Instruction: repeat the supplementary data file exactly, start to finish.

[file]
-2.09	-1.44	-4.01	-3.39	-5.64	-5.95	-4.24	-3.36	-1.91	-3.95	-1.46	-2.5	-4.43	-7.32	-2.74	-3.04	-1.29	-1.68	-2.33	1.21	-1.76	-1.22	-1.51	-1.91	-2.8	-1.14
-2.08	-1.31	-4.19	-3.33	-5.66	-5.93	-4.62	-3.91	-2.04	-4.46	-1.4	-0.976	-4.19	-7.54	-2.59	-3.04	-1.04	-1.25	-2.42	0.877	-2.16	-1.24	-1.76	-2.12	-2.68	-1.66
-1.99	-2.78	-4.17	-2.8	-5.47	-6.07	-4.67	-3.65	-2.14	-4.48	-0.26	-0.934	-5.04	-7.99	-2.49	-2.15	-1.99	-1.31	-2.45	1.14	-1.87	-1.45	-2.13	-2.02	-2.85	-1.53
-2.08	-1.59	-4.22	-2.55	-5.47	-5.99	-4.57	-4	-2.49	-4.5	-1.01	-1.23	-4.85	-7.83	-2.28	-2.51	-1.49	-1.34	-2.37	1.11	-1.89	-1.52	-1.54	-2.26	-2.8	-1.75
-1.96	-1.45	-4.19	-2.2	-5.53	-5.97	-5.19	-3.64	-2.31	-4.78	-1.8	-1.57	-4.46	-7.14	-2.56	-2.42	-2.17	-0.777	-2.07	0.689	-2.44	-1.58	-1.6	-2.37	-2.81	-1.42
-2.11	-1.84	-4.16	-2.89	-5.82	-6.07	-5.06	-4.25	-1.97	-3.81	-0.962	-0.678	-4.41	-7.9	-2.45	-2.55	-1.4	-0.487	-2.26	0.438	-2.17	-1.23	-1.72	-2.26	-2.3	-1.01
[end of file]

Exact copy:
-2.09	-1.44	-4.01	-3.39	-5.64	-5.95	-4.24	-3.36	-1.91	-3.95	-1.46	-2.5	-4.43	-7.32	-2.74	-3.04	-1.29	-1.68	-2.33	1.21	-1.76	-1.22	-1.51	-1.91	-2.8	-1.14
-2.08	-1.31	-4.19	-3.33	-5.66	-5.93	-4.62	-3.91	-2.04	-4.46	-1.4	-0.976	-4.19	-7.54	-2.59	-3.04	-1.04	-1.25	-2.42	0.877	-2.16	-1.24	-1.76	-2.12	-2.68	-1.66
-1.99	-2.78	-4.17	-2.8	-5.47	-6.07	-4.67	-3.65	-2.14	-4.48	-0.26	-0.934	-5.04	-7.99	-2.49	-2.15	-1.99	-1.31	-2.45	1.14	-1.87	-1.45	-2.13	-2.02	-2.85	-1.53
-2.08	-1.59	-4.22	-2.55	-5.47	-5.99	-4.57	-4	-2.49	-4.5	-1.01	-1.23	-4.85	-7.83	-2.28	-2.51	-1.49	-1.34	-2.37	1.11	-1.89	-1.52	-1.54	-2.26	-2.8	-1.75
-1.96	-1.45	-4.19	-2.2	-5.53	-5.97	-5.19	-3.64	-2.31	-4.78	-1.8	-1.57	-4.46	-7.14	-2.56	-2.42	-2.17	-0.777	-2.07	0.689	-2.44	-1.58	-1.6	-2.37	-2.81	-1.42
-2.11	-1.84	-4.16	-2.89	-5.82	-6.07	-5.06	-4.25	-1.97	-3.81	-0.962	-0.678	-4.41	-7.9	-2.45	-2.55	-1.4	-0.487	-2.26	0.438	-2.17	-1.23	-1.72	-2.26	-2.3	-1.01